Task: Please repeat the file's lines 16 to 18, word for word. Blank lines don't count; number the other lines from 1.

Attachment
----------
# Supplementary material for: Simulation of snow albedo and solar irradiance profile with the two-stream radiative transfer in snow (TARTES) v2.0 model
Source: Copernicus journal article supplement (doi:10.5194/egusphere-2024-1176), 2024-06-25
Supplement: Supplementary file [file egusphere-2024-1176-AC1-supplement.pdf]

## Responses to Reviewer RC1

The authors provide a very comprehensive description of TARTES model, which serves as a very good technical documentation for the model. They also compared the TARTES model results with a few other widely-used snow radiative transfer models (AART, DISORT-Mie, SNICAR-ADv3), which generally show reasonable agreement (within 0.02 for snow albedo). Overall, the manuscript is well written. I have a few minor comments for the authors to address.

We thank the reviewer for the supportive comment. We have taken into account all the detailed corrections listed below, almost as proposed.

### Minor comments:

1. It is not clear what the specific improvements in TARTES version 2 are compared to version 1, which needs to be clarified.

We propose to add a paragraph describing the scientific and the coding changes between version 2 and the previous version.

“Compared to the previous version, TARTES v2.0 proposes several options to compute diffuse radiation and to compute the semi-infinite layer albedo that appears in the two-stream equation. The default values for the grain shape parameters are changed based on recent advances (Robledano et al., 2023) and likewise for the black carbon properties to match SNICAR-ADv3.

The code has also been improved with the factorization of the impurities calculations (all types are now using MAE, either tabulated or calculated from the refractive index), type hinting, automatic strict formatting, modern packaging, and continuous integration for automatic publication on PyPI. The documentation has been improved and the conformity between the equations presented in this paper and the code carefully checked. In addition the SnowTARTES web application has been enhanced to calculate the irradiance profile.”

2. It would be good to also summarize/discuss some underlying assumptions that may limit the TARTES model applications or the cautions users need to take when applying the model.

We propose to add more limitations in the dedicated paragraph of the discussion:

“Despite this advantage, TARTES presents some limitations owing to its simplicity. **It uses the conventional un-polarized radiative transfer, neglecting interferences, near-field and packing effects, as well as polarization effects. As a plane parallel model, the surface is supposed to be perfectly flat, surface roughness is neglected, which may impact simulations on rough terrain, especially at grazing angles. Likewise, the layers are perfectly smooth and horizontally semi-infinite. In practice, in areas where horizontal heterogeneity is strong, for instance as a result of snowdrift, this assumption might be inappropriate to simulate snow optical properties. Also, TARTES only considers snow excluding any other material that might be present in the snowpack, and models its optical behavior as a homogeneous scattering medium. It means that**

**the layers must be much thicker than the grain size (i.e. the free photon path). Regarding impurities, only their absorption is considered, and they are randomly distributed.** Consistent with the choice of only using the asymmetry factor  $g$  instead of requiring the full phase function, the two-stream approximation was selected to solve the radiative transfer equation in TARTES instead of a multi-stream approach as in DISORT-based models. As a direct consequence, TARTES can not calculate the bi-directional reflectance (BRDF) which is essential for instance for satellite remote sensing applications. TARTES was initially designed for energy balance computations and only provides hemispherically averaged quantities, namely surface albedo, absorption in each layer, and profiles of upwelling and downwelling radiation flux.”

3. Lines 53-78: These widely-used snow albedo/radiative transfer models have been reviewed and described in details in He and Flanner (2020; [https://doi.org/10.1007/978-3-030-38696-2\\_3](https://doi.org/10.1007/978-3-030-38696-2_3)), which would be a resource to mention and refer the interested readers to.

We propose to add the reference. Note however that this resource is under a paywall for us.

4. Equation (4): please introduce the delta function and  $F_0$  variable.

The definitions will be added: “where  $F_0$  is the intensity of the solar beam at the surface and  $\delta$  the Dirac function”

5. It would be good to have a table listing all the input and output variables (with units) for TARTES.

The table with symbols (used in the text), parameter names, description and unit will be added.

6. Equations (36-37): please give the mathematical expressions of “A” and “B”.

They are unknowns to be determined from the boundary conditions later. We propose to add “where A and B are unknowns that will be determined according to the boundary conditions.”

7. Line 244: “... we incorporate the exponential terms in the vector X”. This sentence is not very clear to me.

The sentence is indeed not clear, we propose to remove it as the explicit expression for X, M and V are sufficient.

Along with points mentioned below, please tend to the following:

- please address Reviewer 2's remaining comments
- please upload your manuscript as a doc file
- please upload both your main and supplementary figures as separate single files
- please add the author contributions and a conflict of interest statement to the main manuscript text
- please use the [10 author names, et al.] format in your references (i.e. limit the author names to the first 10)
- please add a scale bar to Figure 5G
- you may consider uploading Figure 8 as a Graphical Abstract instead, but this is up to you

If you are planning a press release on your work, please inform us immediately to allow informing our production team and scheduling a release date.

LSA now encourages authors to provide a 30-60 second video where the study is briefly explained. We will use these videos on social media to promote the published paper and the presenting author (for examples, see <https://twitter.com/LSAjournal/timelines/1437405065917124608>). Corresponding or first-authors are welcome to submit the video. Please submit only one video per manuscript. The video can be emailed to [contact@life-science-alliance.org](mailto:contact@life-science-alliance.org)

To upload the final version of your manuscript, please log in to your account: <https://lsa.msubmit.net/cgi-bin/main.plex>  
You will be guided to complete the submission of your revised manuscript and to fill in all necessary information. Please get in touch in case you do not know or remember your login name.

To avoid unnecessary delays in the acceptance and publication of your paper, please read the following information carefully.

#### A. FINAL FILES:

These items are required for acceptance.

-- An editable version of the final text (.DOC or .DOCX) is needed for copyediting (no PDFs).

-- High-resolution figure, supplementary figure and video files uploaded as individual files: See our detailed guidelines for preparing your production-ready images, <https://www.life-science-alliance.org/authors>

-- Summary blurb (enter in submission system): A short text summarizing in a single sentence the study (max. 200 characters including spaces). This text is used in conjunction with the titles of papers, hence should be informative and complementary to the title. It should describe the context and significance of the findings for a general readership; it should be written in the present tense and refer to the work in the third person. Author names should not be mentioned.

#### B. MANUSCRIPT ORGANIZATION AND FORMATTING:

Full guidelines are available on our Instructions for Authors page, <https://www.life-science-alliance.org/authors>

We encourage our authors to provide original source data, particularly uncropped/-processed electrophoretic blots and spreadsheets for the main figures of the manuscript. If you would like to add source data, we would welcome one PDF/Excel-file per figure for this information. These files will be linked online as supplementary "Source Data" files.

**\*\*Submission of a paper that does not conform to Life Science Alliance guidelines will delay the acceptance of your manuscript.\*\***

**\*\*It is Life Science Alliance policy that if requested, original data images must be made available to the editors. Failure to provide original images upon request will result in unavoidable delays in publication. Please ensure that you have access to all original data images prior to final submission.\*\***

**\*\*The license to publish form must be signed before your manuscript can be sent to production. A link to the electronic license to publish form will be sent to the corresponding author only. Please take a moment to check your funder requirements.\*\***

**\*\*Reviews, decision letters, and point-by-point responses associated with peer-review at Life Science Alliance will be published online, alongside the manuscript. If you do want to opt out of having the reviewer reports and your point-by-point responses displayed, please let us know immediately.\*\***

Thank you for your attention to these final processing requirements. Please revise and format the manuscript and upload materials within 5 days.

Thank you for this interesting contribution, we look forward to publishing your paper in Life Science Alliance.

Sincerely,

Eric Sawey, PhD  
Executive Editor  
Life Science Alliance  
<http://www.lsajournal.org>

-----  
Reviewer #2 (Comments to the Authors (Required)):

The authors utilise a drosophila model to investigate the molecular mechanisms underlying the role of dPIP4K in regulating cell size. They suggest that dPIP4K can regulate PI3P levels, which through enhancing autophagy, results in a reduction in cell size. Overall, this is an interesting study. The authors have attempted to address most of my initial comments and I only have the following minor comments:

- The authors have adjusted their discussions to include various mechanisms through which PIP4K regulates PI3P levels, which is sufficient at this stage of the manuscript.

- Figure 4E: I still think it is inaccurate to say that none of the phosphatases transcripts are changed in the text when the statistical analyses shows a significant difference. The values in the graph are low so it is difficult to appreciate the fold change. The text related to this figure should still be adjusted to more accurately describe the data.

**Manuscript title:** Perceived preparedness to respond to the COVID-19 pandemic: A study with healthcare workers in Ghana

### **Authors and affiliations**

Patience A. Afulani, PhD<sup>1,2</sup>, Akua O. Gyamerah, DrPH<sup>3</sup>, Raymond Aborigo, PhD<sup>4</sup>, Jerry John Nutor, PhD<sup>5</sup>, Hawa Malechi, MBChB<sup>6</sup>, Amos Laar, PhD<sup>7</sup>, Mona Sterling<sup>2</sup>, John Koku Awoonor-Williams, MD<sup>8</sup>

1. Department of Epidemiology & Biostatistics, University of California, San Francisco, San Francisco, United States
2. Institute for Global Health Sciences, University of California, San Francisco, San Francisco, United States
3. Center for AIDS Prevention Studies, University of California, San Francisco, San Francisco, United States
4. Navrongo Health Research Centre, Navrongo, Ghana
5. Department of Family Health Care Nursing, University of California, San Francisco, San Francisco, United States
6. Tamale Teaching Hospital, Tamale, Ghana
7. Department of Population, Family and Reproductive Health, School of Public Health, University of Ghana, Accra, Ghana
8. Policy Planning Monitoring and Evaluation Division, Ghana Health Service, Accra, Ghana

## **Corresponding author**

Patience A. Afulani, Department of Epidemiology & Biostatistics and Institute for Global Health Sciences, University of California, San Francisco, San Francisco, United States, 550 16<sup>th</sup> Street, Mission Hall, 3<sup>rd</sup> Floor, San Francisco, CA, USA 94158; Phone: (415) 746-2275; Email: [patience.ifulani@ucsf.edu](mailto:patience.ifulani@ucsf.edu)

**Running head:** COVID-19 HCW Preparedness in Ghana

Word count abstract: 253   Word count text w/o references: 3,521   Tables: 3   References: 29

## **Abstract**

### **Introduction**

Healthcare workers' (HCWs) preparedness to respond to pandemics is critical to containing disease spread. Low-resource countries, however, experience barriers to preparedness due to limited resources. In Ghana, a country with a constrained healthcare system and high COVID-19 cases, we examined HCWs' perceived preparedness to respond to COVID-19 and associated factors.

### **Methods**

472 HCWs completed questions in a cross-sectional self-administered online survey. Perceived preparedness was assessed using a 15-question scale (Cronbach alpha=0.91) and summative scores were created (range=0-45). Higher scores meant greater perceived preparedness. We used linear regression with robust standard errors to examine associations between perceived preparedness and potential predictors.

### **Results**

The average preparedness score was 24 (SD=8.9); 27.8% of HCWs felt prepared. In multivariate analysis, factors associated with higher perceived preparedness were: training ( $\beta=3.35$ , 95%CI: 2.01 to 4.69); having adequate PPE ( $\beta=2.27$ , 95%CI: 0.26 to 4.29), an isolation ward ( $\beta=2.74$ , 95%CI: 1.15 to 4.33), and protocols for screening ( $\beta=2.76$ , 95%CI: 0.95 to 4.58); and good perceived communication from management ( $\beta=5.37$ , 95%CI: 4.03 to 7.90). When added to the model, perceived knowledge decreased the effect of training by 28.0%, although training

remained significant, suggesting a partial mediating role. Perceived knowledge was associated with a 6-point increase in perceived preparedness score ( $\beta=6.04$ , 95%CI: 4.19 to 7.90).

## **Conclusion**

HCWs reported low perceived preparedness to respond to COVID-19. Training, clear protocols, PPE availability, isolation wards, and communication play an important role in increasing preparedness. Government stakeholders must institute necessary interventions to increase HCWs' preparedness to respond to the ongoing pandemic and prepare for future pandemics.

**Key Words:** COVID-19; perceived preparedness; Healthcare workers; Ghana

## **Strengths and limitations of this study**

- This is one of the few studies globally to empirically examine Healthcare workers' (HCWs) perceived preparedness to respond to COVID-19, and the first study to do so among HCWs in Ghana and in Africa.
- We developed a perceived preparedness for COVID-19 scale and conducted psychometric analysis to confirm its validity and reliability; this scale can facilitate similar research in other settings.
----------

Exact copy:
3. Lines 53-78: These widely-used snow albedo/radiative transfer models have been reviewed and described in details in He and Flanner (2020; [https://doi.org/10.1007/978-3-030-38696-2\\_3](https://doi.org/10.1007/978-3-030-38696-2_3)), which would be a resource to mention and refer the interested readers to.

We propose to add the reference. Note however that this resource is under a paywall for us.

4. Equation (4): please introduce the delta function and  $F_0$  variable.